Masters Of Cinema #92 - Das Cabinet Des Dr. Caligari - Blu-ray review

'Wiene reveals his film's twisty ending and plunges you in to a deep pit, just before you realise that something has actually been amiss all along'

I've recently read a book by Dave Trott on marketing and advertising, during which he claims that any one single piece of marketing is worth no more than 5% towards someone's decision to buy or not buy a product. A similar sort of equation appears to apply to Robert Wiene's classic Das Cabinet Des Dr. Caligari (The Cabinet Of Dr. Caligari). In no way, by modern standards, would this film be described as scary, but Wiene's film leaves you with a distinct sense of unease, a creepy cloying idea that all is not right with the world, that you might not be safe in your bed tonight. Is it the angular near-cubism of the set design? The black-eye tired make-up of many of the stars? The occasional showy Horror motif that has echoed down the ages, such as the floating entrance of the woman in white, in the background of the first act? It's probably all of those things, all making up small 5% steps until Wiene reveals his film's twisty ending and plunges you in to a deep pit, just before you realise that something has actually been amiss all along.

Wiene implants the idea that all isn't right mainly by the staging created by Hermann Warm, Walter Reimann, and Walter Röhrig. Leading us down tough angular alleys and into the distorted confines of Caligari's (Werner Krauss) caravan-like retreat, Wiene presents to us a world at odds with the one we know. The sets - which are beautiful - have dual purposes, reminding us that we are witnessing a story, set-up in act one as a narrative protagonist Francis (Friedrich Feher) is telling to a visitor. Weine creates a believability to this through the introduction to Francis' town; a picture postscard drawing of angular houses, which fades in and out of the screen, as if from memory. There's more purpose to the genius settings revealed in the final act, but from this point forwards, Weine's key decision is to allow us to forget what we are witnessing, resisting any temptation to return to Francis before the finale. Regardless of purpose: Warm, Reimann and Röhrig's form is perfect, and perfectly used by Wiene and photographer Willy Hameister, who emphasises the contrasts. Watch for a late chase involving Caligari and Francis, where the former reaches an expressionist hill and is promptly framed in gorgeous silhouette.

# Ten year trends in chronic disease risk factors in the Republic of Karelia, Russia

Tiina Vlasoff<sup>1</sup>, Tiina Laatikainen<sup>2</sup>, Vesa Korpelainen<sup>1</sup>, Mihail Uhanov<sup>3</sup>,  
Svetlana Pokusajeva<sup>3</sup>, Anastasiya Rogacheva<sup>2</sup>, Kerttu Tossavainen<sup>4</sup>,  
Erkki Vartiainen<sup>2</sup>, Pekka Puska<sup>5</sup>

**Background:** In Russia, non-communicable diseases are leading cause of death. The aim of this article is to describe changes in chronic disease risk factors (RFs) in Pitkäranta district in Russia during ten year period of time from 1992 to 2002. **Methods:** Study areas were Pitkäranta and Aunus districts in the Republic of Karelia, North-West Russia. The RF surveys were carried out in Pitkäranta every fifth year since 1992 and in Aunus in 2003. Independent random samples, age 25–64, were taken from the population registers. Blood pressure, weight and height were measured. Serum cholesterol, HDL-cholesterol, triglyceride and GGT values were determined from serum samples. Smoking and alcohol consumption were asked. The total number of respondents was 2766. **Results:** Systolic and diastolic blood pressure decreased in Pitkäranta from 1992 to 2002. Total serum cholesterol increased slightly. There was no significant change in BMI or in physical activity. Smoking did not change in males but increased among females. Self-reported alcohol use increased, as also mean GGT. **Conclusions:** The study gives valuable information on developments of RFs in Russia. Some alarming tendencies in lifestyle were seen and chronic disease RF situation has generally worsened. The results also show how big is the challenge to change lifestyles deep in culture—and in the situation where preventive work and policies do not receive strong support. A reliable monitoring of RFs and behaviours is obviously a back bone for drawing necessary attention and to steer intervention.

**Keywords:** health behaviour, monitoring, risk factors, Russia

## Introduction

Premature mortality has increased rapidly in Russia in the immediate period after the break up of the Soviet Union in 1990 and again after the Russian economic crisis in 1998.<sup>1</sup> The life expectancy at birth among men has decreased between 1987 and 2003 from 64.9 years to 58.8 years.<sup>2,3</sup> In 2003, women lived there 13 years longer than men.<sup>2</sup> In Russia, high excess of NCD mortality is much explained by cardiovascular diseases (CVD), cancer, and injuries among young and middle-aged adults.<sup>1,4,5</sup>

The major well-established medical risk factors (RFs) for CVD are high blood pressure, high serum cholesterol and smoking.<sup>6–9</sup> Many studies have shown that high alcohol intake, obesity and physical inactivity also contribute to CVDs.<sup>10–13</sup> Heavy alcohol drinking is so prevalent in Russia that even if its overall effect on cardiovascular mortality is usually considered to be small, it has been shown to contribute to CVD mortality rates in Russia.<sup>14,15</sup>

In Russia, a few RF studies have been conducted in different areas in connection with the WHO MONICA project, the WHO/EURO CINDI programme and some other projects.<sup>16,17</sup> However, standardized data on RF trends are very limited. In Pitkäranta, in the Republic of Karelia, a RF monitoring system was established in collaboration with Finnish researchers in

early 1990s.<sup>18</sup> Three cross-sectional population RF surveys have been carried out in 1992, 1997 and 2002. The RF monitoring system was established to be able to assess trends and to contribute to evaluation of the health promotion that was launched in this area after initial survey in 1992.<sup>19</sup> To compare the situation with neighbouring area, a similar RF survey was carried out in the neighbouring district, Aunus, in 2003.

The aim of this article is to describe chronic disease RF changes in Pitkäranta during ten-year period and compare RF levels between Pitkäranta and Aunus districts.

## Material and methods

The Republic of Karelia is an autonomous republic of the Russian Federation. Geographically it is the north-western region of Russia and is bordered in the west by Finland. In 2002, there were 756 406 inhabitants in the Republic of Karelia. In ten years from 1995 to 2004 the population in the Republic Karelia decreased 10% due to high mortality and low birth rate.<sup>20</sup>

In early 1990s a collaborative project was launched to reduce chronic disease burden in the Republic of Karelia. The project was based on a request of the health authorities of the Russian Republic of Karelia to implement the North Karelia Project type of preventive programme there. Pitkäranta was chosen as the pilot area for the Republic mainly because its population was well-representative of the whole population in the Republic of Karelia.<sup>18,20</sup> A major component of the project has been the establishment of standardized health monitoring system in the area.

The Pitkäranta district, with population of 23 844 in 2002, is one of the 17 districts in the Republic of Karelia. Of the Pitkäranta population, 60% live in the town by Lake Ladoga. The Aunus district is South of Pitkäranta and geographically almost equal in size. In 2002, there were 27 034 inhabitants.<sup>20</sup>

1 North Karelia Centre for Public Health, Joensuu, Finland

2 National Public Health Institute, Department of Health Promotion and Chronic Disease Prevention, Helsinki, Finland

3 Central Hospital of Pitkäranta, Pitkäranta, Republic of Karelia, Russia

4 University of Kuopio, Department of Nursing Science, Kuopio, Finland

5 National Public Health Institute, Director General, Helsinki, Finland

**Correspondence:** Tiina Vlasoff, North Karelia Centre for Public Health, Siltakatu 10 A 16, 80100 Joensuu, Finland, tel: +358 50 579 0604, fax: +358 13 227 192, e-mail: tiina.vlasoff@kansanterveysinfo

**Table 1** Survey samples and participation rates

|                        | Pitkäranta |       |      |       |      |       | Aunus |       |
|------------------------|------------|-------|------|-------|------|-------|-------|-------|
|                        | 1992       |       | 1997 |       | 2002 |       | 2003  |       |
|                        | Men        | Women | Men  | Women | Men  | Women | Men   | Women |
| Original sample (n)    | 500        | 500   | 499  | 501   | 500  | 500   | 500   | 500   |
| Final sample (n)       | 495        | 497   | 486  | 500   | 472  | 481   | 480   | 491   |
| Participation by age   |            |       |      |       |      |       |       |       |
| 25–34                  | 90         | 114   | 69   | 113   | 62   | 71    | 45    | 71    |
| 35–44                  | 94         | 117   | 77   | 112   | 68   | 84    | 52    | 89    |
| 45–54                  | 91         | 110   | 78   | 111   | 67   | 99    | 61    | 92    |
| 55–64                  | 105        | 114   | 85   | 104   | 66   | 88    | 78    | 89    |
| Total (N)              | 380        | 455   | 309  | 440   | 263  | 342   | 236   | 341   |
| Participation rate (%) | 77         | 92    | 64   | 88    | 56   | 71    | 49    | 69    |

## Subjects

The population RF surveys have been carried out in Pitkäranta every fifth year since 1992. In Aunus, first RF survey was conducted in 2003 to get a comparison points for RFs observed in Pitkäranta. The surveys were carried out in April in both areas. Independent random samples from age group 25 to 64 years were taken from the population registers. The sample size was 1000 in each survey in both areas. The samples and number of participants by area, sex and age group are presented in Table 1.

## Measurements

The design on show is reflected in the more subtle touches of Wiene's film. The intertitles by Katherine Hilliker mirror the apparently random nature of expressionist setting, standing on jagged ends and sloping sides. The make-up, all sleepless blackened eyes and the slightly too-prominent streaks in Caligari's hair, further foster the insinuation that something is amiss.

If that sounds like cold praise - how many people really tune into a film to see what the intertitles are like? - then know that there is a story here which is both well told, compelling, succinctly put, at just 77 minutes, and satisfying, if more than a little bleak. The mastery of multiple narratives Wiene shows belies the film's infatuation with storytelling. Count the number of people telling or part of stories in the film - think of The Grand Budapest Hotel's structure for a recent peer - and you'll find yourself approaching double figures.

Whilst rightly hailed as introducing many of the storytelling elements that would inflect Horror, Noir and other genres for years, perhaps it is the finale that deserves the most praise. Showing a willingness to stand by his mantra that all is not right, Wiede creates a conclusion both surprising, satisfying and meaningful. Caligari's 'now I can treat him' line does also stoop to offer the viewer some hope: at least there may be resolution coming, off-screen.

Founded in 2004, The Masters of Cinema Series is an independent, carefully curated, UK-based Blu-ray and DVD label, now consisting of over 150 films. Films are presented in their original aspect ratio (OAR), in meticulous transfers created from recent restorations and / or the most pristine film elements available.

Das Cabinet Des Dr. Caligari is released in the UK on Monday 29th September 2014

By Sam Turner. Sam is editor of Film Intel, and can usually be found behind a keyboard with a cup of tea. He likes entertaining films and dislikes the other kind. He's on , Twitter and several places even he doesn't yet know about.

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